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HomeNewsHaddam Town NewsMilitary Service of the Scovil-Porter Family in Higganum: Part One

Military Service of the Scovil-Porter Family in Higganum: Part One

In honor of Memorial Day 2019, we are highlighting one of the founding members of Haddam who had a history of military service in this three part series written and compiled by Stew Gillmor.

Part One

The Scovil family arrived in Haddam in the late 17th century and soon thereafter moved also to Higganum. They early on married in with other pioneer families (Spencer, Clark, Burr, Bonfoey, Bailey…) and later with the Porters. Hezekiah Scovil Sr. (1788-1849) was father to Daniel Scovil and Hezekiah Scovil, Jr. Hezekiah began as a blacksmith and made hoes, hammers and farm tools. He apprenticed with Eli Whitney as a young man and learned to weld gun barrels, some of which he made for the U.S. Government for the War of 1812. Hezekiah Sr.’s home was the 1810 Federal style brick house at the intersection of Candlewood Hill, Little City and Foothills Roads and his water power and shop were located on the pond just across Candlewood Hill Road. Hezekiah also tutored his sons Daniel and Hezekiah, Jr. These young men formed a business in 1844 as the D & H Scovil factory further down the Candlewood Hill brook and engaged in several toolmaking ventures – famously with the improved Scovil “Higganum Hoe,” the Southern Farmer’s Friend. This was a self-sharpening planter’s hoe for chopping cotton and general farm work, the first such hoe made mostly by machinery in lieu of all hand work. The hoes were advertised widely in 19th century agricultural magazines. [Some years ago I saw one of these hoes at a historical plantation site on the Mississippi River in Louisiana].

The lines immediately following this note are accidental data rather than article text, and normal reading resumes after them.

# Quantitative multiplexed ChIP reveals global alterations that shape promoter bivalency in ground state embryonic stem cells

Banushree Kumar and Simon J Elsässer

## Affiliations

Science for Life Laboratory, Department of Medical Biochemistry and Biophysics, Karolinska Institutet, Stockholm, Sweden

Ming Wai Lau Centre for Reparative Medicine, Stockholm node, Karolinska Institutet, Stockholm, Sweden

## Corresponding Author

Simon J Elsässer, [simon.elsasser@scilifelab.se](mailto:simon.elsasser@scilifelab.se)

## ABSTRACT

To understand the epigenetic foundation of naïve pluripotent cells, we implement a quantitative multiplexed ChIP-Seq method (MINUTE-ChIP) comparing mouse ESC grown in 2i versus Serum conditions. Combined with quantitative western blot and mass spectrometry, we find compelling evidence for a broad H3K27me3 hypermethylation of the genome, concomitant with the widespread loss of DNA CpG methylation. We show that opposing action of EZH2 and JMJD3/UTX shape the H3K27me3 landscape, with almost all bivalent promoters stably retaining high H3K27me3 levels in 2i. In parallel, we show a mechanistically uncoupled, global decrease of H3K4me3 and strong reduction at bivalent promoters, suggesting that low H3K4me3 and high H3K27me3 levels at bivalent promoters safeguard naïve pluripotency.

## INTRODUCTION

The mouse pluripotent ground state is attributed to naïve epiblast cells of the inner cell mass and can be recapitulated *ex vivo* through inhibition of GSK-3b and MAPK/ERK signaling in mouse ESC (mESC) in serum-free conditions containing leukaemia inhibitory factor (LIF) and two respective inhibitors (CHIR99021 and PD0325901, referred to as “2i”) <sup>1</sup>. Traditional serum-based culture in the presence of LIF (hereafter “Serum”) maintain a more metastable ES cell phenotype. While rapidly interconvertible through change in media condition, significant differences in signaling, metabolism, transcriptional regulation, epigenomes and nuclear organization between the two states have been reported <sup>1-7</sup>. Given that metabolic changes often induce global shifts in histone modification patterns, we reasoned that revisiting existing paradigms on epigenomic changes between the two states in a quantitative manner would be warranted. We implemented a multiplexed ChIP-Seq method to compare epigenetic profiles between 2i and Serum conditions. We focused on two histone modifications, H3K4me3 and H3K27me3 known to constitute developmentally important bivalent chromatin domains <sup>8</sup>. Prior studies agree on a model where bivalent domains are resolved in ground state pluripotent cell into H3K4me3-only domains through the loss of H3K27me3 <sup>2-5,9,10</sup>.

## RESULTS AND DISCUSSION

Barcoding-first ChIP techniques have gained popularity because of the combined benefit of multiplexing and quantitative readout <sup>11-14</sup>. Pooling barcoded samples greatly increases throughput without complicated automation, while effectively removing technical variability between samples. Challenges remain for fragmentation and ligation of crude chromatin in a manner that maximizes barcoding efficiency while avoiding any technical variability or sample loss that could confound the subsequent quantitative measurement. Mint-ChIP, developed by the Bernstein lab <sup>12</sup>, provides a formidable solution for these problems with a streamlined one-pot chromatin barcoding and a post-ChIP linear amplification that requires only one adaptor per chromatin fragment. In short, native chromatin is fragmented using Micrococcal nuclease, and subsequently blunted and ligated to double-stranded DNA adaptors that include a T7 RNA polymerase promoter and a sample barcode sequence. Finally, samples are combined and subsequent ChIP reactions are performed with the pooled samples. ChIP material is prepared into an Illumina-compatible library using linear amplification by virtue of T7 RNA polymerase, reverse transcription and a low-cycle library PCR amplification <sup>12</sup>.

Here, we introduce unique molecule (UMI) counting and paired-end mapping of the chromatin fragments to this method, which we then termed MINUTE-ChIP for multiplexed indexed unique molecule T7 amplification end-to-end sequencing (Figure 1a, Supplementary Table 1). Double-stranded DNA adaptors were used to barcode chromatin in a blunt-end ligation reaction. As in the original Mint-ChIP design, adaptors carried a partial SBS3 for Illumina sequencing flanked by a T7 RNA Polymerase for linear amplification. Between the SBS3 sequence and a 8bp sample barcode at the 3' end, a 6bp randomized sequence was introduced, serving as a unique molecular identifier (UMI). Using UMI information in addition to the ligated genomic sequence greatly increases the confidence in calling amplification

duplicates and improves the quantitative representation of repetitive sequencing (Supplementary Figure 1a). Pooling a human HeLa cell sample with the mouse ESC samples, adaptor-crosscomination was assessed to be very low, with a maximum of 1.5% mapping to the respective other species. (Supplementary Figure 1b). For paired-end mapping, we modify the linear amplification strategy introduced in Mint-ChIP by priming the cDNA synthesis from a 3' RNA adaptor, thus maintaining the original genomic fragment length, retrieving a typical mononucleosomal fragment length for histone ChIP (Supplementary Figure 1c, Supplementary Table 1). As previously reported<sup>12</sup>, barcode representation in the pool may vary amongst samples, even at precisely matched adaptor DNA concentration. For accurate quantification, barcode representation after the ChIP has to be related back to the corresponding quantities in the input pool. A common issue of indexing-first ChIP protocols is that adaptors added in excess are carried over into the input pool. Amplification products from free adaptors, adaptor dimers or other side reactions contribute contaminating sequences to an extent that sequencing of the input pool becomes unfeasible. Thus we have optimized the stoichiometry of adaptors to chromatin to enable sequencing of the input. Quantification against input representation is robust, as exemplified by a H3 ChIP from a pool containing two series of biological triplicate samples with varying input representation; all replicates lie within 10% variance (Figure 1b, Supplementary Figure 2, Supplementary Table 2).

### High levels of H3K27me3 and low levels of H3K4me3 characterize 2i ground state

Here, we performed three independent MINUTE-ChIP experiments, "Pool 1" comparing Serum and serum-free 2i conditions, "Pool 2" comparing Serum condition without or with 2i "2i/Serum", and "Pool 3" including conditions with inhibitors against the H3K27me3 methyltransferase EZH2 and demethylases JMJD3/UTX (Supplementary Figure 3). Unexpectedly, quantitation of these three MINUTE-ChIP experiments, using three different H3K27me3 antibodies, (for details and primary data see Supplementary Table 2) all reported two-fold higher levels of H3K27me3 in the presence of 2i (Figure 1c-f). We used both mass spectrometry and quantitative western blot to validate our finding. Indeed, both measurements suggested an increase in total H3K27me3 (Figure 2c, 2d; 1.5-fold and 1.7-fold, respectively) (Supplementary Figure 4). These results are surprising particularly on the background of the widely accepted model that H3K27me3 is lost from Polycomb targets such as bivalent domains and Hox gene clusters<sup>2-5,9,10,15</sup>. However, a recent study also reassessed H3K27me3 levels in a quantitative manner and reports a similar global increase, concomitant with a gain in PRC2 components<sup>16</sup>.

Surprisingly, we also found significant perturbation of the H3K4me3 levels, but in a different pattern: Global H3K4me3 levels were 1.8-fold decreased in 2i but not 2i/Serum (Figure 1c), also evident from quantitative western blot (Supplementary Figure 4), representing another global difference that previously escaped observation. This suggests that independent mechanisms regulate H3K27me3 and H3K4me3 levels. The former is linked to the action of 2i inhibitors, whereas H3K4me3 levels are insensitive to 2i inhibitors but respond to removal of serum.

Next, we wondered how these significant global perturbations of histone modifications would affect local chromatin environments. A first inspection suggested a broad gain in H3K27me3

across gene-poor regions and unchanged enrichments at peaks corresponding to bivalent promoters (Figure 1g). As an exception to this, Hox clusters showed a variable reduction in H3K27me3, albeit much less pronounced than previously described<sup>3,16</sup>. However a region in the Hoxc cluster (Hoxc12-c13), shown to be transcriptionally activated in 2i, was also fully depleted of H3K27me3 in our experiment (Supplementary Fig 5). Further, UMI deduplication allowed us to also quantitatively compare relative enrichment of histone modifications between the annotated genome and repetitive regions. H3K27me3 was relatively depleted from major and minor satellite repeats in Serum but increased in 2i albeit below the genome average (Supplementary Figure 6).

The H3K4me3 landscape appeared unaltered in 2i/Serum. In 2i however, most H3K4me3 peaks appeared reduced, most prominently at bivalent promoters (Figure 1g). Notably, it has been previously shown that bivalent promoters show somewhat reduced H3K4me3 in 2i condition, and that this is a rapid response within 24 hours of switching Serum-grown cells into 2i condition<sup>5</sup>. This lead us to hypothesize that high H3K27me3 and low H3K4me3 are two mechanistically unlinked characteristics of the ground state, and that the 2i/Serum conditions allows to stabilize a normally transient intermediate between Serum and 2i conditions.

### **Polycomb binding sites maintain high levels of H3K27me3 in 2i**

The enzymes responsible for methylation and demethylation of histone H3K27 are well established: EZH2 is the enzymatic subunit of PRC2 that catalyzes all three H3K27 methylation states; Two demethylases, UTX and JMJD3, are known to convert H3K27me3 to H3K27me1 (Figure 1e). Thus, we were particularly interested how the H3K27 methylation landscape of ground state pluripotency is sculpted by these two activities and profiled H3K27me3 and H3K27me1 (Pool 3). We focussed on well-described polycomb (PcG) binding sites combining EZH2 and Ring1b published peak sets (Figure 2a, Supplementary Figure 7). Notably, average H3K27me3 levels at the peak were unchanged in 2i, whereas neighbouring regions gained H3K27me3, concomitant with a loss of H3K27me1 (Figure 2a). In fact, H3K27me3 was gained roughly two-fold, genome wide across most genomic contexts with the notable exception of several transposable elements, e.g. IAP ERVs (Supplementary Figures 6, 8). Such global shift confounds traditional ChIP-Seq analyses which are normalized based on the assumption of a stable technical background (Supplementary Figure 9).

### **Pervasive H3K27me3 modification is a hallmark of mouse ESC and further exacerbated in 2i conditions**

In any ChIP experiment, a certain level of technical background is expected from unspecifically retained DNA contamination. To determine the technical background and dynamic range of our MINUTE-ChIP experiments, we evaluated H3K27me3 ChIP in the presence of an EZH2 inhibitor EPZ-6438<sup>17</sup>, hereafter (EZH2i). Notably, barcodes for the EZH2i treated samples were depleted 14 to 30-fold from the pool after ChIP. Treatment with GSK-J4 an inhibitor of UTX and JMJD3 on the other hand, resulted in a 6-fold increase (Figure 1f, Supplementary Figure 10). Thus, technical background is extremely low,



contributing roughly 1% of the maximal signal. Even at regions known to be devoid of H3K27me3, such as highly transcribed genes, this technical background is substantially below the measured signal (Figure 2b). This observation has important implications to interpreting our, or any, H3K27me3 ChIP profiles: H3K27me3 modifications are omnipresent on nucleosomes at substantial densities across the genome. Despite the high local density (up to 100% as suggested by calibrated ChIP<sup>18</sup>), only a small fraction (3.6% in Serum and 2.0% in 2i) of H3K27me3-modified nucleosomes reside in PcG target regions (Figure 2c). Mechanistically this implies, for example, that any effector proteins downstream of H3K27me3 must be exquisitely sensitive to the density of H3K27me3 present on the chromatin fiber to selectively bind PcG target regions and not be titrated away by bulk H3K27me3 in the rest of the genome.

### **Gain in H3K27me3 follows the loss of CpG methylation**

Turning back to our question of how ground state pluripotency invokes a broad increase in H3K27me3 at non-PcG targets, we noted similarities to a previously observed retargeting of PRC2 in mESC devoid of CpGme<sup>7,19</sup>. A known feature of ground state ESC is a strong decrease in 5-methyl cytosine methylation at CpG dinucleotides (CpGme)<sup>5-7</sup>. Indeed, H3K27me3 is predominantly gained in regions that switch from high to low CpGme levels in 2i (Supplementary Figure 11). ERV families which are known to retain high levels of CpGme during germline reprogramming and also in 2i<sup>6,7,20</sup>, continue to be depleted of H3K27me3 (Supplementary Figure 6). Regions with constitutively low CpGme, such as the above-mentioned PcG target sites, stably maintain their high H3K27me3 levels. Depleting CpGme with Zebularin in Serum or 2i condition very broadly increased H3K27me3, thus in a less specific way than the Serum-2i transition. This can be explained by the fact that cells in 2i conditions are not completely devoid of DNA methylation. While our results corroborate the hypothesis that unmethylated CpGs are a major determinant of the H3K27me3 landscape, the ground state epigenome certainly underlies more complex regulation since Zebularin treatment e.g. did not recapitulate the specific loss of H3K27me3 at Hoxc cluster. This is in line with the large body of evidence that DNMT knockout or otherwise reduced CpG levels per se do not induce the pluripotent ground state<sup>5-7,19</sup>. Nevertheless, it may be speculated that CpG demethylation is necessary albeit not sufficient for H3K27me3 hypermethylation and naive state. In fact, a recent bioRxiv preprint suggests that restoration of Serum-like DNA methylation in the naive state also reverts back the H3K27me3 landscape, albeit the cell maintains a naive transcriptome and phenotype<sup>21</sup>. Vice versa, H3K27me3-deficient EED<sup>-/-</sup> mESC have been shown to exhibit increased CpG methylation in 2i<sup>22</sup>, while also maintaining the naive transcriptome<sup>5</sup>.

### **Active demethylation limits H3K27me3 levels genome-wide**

The Scovil factories used the power of the Candlewood Brook, flowing down to Higganum Center and giving power to the Upper Shop, the Black Shop and eventually to the other shops of the four Scovil mills. The water flow was harnessed and controlled by dams. The original 1844 buildings and dam were along the “Haddam-Durham Turnpike Road,” which turned west at what is now Brainard Hill Road just uphill from Christian Hill Road and turned southwest, then across a bridge over the Upper Shop Pond to continue on Candlewood Hill Road toward Durham. The dam on Upper Shop Pond washed out in 1982, the pond returned to being part of Candlewood Hill brook, and the turnpike road along this site has been gone for many decades. Brother Hezekiah Jr. built the very elegant brick house on Maple Avenue in 1875, following Daniel’s construction of a similar “mansion” in 1871. Hezekiah Jr. was father of a large family and his daughter Fanny married John Porter, whose son Wallace Porter and wife Florence Wells had seven children. We will center here on two sons, Philip Wells Porter Sr. and Hezekiah “Hez” Scovil Porter and on Philip’s son “Bud” (Philip Wells Porter Jr.) and their military careers in service with the United States Army, Army Air Corps, and Navy. Philip, Sr. was born in 1888 and younger brother “Hez” in 1896. Their mother Florence and father Wallace Porter died in 1910 and 1915, respectively. Young “Hez” entered the Choate school in Wallingford in 1910 just two months after his mother’s death. His older brother Phil went to the Worcester Academy in Massachusetts, Worcester schools being somewhat of a tradition in the family. Phil finished in 1908 and headed west to the Colorado Rockies to become a mining engineer. This was a booming time for mining engineering. The most famous mining engineer at the time was Herbert Hoover, later Secretary of Commerce and U.S. President, who had graduated in Stanford University’s first engineering class and had made a fortune in mining exploration. Phil Porter spent three years at the Colorado School of Mines in Golden, Colorado and then went to the Michigan College of Mines for a year.